Looking Back at the Unbuilt Red Bank Bridge Proposal in South Philadelphia

Philadelphia-Red Bank Bridge. Image via Courier PostPhiladelphia-Red Bank Bridge. Image via Courier Post

In the 1920s, Philadelphia was on the rise, with industry and was with business activity bustling across the city. The port was generally busy, the skyline was growing, and as automobiles surged in numbers, the city was in need of bridges spanning the Delaware River and connecting to New Jersey on the other side. The proposed Philadelphia-Red Bank Bridge was brought to public attention by Mayor J. Hampton Moore, who suggested that the city is in dire need of a new bridge at its south end. The bridge would have been situated very close to the present location of the Walt Whitman Bridge, though slightly further west and running from the north to the south rather than from the west to the east.

Philadelphia-Red Bank Bridge placement. Image via Google Maps, edit by Thomas Koloski

Philadelphia-Red Bank Bridge placement. Image via Google Maps, edit by Thomas Koloski

Mayor Moore had brought up the idea to the president of the Eureka Triangle Club, Governor Watkins. The discussion was then taken to the Woodbury Court House, where the monthly booster meeting for the club was taking place. The idea was spurred by the fact that the Benjamin Franklin Bridge (originally known as the Delaware River Bridge) was just over four months away from completion. The Mayor added that the two bridges together would greatly improve the flow of traffic in Philadelphia and South Jersey.

Philadelphia-Red Bank Bridge rendering. Image via Google Earth, edit by Thomas Koloski

Philadelphia-Red Bank Bridge rendering. Image via Google Earth, edit by Thomas Koloski

If built, the bridge would have had an obvious placement when looking at the map. The southern tip of Broad Street curves slightly to the east when it approaches the Delaware River in the Navy Yard. On the New Jersey side, Red Bank Ave in West Deptford lines up perfectly with the southern tip of Broad Street, making the connection of a span seem ideal at that location. However, if built, Philadelphia Sports Complex and the neighborhood of West Deptford would see different rates of traffic compared to today. In the end, it was likely for the best that the Walt Whitman Bridge was built as it was planned out to come in fruition.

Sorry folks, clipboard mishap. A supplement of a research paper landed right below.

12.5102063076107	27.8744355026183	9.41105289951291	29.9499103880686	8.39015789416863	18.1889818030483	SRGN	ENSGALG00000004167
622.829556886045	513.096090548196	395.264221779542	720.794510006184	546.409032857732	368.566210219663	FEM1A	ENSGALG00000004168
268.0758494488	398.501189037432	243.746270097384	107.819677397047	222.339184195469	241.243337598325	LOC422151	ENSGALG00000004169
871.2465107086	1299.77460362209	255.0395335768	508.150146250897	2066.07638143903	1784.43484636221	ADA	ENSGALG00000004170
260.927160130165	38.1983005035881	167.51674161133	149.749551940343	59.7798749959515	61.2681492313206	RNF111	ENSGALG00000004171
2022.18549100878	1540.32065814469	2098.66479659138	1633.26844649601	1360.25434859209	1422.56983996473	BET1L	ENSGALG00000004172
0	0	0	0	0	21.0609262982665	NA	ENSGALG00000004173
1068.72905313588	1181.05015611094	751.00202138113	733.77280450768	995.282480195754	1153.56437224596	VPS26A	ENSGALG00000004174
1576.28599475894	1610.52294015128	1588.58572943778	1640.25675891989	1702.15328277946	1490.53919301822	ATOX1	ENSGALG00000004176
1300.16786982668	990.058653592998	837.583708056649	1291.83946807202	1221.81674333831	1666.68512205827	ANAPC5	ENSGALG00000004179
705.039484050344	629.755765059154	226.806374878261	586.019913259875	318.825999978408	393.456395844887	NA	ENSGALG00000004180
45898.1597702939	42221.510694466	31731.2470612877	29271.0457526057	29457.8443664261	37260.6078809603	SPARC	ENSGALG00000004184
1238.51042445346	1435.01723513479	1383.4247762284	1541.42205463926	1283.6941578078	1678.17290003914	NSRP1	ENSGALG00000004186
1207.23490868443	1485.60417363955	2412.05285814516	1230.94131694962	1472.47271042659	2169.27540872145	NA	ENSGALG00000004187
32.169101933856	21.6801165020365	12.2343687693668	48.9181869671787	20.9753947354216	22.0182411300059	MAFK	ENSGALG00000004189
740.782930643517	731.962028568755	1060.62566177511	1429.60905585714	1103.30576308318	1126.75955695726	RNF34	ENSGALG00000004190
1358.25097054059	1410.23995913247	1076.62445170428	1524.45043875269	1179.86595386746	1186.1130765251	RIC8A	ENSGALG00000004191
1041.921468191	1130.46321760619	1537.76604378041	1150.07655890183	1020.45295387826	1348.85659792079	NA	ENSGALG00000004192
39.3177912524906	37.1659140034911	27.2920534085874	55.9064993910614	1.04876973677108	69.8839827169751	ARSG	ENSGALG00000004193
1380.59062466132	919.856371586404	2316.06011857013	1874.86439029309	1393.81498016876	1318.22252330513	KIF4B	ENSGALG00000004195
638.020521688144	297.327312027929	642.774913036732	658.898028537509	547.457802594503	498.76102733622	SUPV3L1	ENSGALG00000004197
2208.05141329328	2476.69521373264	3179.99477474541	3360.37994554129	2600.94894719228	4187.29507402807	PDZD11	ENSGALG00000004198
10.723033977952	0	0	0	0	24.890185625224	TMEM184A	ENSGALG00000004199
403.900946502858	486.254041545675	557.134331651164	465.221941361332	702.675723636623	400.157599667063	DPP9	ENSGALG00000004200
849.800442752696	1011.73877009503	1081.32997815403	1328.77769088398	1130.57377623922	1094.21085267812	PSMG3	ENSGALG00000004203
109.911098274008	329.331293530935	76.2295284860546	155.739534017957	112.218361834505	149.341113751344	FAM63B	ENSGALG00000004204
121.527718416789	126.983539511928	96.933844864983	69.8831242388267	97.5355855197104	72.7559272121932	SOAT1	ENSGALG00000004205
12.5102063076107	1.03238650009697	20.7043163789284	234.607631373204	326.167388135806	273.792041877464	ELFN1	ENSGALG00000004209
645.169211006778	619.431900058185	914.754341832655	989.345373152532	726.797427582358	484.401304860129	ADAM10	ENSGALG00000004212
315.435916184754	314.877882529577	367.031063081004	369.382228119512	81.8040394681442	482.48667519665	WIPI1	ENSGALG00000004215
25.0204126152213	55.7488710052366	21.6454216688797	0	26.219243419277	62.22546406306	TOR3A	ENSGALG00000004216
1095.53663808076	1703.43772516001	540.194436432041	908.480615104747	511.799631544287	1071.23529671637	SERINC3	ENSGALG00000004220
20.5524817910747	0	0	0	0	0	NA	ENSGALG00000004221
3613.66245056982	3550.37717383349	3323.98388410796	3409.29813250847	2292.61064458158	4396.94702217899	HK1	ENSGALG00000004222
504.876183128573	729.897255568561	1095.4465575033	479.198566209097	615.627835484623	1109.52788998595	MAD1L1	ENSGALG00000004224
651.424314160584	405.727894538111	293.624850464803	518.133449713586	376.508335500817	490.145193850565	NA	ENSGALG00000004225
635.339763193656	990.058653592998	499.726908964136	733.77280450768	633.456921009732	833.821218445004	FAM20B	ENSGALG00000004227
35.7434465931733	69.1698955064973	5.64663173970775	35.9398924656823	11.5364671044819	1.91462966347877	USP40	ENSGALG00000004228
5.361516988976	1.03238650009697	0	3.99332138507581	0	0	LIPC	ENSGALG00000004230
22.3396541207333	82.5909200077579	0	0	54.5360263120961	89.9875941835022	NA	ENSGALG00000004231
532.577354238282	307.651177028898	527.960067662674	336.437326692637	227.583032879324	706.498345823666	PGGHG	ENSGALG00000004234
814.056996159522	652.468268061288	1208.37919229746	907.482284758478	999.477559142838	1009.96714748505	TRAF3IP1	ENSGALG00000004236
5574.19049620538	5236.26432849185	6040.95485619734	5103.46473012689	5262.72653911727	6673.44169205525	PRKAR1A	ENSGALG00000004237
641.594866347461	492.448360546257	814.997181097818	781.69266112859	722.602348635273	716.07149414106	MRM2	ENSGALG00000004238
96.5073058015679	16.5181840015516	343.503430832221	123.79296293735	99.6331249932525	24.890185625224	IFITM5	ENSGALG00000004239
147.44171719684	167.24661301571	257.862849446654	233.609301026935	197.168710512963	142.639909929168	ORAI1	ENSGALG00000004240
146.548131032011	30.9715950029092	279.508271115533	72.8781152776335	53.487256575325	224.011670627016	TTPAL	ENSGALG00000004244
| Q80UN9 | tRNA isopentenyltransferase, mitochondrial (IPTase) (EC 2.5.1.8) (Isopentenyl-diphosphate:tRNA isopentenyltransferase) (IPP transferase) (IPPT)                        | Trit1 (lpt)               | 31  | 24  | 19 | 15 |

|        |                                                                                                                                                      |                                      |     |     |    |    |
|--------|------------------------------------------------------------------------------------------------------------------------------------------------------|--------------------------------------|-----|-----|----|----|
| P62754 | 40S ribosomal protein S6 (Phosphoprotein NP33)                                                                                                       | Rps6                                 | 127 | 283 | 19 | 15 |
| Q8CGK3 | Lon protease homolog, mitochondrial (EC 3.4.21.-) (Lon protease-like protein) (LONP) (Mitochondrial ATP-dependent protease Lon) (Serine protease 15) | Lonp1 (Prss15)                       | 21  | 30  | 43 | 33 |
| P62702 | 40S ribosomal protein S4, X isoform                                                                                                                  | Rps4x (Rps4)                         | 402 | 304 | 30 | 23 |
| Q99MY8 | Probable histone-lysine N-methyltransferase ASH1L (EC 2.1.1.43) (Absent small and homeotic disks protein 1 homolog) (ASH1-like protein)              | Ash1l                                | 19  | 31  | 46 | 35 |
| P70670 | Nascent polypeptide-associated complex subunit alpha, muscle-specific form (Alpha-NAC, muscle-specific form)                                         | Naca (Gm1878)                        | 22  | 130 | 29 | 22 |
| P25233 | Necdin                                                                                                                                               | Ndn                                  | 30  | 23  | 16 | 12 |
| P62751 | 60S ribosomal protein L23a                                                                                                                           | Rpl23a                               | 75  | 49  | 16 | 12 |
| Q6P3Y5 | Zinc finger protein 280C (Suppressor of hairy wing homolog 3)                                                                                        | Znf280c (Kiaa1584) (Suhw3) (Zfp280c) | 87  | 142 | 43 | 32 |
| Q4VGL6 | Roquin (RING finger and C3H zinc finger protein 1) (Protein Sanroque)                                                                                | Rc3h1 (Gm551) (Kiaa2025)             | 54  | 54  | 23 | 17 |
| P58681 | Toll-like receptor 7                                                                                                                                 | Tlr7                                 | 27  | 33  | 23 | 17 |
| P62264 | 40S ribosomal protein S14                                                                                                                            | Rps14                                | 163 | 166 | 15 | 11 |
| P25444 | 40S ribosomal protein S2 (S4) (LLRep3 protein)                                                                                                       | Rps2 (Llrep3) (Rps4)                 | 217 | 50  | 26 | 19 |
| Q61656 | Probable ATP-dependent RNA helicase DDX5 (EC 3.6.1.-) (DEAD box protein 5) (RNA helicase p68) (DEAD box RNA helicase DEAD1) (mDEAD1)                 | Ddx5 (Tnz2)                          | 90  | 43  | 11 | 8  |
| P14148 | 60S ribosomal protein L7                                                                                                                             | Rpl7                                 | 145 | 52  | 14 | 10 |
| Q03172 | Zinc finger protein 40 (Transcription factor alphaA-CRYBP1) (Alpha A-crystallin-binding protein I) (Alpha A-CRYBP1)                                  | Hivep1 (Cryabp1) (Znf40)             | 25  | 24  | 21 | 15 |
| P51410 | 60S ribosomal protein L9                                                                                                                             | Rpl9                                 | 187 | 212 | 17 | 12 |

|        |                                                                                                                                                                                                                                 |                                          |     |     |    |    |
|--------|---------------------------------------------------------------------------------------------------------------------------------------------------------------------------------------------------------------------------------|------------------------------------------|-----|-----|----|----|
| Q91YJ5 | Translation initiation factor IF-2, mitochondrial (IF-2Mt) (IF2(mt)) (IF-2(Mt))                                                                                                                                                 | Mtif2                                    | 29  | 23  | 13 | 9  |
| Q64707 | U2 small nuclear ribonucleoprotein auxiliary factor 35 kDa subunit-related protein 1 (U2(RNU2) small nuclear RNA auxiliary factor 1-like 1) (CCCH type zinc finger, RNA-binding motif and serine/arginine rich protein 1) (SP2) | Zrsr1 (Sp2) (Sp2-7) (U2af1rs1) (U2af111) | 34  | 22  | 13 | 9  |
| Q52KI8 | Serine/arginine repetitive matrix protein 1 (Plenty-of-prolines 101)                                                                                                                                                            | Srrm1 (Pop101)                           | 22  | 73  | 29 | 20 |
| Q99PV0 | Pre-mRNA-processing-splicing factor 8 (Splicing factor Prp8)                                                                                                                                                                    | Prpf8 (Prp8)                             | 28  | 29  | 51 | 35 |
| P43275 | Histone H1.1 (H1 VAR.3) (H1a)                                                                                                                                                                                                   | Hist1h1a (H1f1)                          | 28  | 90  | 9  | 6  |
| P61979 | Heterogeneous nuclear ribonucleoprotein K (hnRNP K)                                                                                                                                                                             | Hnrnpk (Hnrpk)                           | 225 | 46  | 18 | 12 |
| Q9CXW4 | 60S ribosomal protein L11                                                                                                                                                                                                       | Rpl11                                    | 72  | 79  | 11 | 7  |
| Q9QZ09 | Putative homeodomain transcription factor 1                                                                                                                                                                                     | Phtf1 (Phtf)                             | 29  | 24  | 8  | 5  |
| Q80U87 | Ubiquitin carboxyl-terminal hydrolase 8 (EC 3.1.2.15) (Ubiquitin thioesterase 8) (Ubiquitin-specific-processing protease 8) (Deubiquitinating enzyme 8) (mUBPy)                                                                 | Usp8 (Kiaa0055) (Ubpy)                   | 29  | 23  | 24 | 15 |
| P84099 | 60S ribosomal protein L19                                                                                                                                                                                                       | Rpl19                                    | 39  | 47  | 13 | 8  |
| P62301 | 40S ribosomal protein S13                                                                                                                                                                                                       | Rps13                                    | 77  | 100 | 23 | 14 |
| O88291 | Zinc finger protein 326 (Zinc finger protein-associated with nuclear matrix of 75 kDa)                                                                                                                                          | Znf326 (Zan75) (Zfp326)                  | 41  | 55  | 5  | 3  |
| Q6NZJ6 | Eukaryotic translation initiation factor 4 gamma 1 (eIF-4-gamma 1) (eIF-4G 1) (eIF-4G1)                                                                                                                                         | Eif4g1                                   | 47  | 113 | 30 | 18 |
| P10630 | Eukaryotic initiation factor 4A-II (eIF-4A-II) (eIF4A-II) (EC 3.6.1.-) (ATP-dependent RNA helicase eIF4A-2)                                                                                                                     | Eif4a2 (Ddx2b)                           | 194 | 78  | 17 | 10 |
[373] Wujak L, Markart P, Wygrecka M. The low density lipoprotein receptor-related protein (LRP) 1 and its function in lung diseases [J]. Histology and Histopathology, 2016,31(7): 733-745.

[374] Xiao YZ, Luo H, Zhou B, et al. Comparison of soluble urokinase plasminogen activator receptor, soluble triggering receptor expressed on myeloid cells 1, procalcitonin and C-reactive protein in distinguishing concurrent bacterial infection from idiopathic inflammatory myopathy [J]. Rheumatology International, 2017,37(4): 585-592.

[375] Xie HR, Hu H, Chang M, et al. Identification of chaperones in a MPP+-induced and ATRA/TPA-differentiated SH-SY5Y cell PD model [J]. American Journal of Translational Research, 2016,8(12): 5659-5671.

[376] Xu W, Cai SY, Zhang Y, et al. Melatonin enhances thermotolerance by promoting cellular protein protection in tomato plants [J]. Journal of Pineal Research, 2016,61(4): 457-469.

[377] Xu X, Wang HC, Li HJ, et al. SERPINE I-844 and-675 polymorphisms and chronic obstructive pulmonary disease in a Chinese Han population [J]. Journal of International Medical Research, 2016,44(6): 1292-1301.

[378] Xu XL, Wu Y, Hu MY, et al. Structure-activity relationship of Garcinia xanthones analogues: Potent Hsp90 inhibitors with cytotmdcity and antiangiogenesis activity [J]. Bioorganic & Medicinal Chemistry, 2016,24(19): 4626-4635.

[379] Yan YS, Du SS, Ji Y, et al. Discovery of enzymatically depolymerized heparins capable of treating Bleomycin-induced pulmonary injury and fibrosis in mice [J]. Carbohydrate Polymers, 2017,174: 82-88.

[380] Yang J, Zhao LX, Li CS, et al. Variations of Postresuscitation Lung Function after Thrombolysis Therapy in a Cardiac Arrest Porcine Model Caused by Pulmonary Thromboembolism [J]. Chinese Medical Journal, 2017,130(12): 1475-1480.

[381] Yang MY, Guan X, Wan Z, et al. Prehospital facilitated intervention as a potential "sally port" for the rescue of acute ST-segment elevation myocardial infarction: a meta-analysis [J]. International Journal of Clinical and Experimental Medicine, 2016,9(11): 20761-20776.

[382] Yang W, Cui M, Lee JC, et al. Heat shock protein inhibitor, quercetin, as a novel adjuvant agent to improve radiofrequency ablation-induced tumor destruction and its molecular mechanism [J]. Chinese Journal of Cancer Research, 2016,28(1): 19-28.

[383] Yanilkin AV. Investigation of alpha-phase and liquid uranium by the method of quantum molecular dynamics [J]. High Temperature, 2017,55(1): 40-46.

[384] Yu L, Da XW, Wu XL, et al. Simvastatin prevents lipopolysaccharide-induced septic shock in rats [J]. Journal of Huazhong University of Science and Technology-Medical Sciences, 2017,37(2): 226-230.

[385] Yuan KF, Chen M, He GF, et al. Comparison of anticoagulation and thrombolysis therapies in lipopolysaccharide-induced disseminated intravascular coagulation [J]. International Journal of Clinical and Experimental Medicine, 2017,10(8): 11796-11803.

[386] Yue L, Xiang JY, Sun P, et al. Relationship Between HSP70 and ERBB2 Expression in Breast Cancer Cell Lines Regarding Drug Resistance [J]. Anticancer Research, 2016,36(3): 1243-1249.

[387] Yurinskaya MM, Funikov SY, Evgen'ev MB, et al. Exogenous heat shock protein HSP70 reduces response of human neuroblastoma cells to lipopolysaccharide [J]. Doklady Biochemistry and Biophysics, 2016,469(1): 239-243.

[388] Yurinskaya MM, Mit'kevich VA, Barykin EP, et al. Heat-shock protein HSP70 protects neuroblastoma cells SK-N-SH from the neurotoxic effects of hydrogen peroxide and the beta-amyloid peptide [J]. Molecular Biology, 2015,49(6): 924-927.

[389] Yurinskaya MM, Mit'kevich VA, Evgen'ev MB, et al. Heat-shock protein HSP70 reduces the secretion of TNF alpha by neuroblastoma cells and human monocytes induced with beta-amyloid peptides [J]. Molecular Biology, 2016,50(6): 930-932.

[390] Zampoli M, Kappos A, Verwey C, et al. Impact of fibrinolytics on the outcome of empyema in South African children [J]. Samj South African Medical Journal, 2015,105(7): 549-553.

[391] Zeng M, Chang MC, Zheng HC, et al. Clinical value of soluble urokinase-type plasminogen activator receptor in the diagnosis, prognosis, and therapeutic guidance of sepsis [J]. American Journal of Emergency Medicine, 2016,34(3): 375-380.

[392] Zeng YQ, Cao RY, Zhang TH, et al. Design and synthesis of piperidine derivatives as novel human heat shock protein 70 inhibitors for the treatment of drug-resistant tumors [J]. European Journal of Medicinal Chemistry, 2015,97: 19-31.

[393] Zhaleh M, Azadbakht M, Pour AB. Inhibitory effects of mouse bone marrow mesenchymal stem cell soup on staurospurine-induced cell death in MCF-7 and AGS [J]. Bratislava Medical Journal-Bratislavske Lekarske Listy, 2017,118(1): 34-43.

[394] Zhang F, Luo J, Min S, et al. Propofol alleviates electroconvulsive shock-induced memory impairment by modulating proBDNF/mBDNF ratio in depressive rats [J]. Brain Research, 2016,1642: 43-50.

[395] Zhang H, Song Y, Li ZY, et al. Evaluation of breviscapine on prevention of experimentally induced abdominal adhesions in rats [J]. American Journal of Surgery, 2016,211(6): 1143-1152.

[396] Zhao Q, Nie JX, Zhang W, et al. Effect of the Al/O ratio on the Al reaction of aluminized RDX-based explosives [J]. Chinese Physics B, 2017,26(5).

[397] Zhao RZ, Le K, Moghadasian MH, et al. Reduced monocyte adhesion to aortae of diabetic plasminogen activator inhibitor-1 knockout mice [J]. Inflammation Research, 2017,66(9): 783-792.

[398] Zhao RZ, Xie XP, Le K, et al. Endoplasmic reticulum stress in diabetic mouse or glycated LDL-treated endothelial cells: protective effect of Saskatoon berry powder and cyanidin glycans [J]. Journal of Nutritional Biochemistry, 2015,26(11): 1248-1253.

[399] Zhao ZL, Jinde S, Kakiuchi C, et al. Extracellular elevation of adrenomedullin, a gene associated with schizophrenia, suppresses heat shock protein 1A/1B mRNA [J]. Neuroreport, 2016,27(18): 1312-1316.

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5 Comments on "Looking Back at the Unbuilt Red Bank Bridge Proposal in South Philadelphia"

  1. Why not have both?

    This was clearly a missed opportunity as an addition to the Walt Whitman Bridge.

    Very nice article. 🙂

  2. This would’ve been way better than the current Walt Whitman Bridge. They could’ve extended the broad street line directly to Jersey like the Patco crosses over the Ben Franklin. This would’ve improved transit connections from Gloucester County to Philadelphia and would eliminate most traffic on 42/76 in New Jersey. The proposed Camden to Glassboro line would never need to exist if the broad street line was operated like the Patco in Jersey.

  3. John L Hemphill | July 19, 2021 at 9:37 am | Reply

    For many years I I spoken to friends about this bridge idea and still see its benefits; if this bridge were built; and a tunnel dug at under the Delaware south of the Airport in the decades to come could be very good.

  4. What was left unsaid was the reason why the Red Bank bridge was never built as if the Philadelphia Navy Yard had no say on the proposed bridge construction.

    Remember there were sentries checking for IDs and car trunks at the front gate. Had we built the Red Bank bridge, we would have cars lining up to exit bridge to go through the front gate which would have caused bottlenecks for cars to cross Red Bank. Plus the highway leading to bridge would have bisected the Navy Yard. Do you think Navy would have given permission for the bridge to be built on their property? And WWII was less than twenty years away.

  5. Walt Whitman built in 1957 and tied with I-76 to become Schuylkill expressway. The NJ expressway led to another expressway running close to New Jersey Turnpike. President Dwight Eisenhower signed a bill in 1955 authorizing construction of 50,000 miles of highways around the country for the quick movement of soldiers and supplies over expressways in a wartime situation. That’s how we got I-95, I-80 and assorted bridges built. Was Walt Whian bridge paid by the government? Pennsylvania was ahead of the time in building it’s turnpike in 1940.

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